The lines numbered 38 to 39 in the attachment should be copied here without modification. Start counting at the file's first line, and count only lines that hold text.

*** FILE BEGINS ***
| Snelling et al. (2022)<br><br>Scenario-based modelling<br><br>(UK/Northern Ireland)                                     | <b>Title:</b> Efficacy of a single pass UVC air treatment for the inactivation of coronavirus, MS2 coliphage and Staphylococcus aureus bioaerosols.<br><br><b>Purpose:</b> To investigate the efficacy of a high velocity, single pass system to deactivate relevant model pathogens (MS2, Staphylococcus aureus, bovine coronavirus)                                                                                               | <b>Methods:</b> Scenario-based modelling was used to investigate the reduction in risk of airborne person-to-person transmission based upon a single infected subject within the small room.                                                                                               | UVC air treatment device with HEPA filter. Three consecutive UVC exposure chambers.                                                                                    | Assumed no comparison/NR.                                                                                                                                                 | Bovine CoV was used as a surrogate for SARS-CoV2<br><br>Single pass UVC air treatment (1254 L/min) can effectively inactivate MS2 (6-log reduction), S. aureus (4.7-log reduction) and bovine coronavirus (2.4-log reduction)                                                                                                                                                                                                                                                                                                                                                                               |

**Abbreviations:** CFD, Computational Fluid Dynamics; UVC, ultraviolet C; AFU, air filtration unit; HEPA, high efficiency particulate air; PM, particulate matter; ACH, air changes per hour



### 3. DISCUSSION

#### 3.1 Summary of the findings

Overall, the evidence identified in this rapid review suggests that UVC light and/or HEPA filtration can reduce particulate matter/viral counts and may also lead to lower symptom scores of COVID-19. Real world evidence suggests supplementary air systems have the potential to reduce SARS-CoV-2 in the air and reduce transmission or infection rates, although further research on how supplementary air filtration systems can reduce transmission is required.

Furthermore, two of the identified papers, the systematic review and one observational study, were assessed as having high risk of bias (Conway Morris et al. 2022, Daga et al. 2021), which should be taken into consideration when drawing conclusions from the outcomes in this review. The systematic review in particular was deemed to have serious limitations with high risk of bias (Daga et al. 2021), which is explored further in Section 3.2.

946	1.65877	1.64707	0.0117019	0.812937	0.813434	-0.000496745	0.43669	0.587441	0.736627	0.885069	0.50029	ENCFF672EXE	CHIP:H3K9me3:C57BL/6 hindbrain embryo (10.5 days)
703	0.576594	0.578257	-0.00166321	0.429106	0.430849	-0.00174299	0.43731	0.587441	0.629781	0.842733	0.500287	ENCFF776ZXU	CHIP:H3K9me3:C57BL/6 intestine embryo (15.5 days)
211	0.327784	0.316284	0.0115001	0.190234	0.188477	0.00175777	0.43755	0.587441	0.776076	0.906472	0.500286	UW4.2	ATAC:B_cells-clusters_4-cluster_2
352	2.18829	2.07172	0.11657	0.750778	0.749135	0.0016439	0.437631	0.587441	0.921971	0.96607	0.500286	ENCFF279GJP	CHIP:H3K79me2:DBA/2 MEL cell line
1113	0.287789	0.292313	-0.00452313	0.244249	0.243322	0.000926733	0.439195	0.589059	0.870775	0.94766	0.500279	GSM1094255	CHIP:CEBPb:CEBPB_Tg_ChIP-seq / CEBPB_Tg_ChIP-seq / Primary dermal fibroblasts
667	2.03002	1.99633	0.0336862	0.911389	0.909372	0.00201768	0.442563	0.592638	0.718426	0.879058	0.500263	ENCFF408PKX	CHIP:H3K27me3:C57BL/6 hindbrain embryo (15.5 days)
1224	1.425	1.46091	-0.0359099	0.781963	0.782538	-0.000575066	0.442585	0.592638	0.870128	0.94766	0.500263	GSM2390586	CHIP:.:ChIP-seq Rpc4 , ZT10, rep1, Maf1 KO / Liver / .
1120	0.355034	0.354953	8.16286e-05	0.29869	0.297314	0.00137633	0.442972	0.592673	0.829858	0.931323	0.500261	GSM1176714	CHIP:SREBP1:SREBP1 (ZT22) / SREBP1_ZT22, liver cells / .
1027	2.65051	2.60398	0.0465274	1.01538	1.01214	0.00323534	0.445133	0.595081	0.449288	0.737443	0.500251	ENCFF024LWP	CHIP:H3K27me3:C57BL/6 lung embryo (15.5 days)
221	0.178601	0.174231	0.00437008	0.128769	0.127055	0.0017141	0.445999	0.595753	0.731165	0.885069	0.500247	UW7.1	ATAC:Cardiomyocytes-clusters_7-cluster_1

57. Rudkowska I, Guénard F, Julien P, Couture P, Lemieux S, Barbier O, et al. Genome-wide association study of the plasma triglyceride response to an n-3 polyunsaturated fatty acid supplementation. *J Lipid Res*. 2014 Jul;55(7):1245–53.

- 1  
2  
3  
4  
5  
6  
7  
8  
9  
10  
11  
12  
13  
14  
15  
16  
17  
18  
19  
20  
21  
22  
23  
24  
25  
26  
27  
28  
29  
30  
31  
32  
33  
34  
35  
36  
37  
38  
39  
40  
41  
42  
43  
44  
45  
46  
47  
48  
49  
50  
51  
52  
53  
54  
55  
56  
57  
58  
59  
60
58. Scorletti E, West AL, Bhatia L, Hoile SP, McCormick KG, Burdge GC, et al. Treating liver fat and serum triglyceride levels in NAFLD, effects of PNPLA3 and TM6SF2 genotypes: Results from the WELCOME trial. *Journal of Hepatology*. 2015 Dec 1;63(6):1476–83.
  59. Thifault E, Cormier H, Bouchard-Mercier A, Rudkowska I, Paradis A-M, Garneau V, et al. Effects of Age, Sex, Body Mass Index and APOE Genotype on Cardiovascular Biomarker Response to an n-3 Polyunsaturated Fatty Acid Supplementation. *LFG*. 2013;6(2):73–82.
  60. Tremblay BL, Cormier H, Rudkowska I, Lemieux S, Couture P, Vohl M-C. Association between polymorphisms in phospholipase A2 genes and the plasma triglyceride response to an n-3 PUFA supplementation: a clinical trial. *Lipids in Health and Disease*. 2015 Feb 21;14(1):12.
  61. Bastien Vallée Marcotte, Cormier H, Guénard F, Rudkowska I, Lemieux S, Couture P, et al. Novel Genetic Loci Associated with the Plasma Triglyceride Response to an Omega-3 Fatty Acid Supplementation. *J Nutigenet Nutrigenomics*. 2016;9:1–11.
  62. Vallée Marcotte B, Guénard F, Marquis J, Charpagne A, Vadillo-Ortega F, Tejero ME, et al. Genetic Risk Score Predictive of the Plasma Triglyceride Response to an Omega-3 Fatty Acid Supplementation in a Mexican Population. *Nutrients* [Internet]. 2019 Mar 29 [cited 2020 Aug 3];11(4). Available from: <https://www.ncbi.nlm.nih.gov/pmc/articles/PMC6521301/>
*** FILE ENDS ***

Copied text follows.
21  
22  